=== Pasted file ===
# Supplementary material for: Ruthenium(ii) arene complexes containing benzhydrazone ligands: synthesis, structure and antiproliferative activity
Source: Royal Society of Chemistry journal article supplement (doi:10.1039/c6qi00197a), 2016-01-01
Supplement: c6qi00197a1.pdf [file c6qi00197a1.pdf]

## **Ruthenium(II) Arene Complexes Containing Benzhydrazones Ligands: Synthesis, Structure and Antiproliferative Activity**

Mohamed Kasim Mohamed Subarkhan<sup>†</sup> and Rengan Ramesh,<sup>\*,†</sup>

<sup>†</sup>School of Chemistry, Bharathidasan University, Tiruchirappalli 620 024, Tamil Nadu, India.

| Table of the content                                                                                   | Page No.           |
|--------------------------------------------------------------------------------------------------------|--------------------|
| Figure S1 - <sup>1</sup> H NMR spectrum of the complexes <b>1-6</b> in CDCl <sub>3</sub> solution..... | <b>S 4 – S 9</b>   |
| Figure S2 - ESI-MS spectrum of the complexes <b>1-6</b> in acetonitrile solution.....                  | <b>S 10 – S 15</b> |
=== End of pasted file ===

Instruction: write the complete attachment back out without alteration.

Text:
# Supplementary material for: Ruthenium(ii) arene complexes containing benzhydrazone ligands: synthesis, structure and antiproliferative activity
Source: Royal Society of Chemistry journal article supplement (doi:10.1039/c6qi00197a), 2016-01-01
Supplement: c6qi00197a1.pdf [file c6qi00197a1.pdf]

## **Ruthenium(II) Arene Complexes Containing Benzhydrazones Ligands: Synthesis, Structure and Antiproliferative Activity**

Mohamed Kasim Mohamed Subarkhan<sup>†</sup> and Rengan Ramesh,<sup>\*,†</sup>

<sup>†</sup>School of Chemistry, Bharathidasan University, Tiruchirappalli 620 024, Tamil Nadu, India.

| Table of the content                                                                                   | Page No.           |
|--------------------------------------------------------------------------------------------------------|--------------------|
| Figure S1 - <sup>1</sup> H NMR spectrum of the complexes <b>1-6</b> in CDCl <sub>3</sub> solution..... | <b>S 4 – S 9</b>   |
| Figure S2 - ESI-MS spectrum of the complexes <b>1-6</b> in acetonitrile solution.....                  | <b>S 10 – S 15</b> |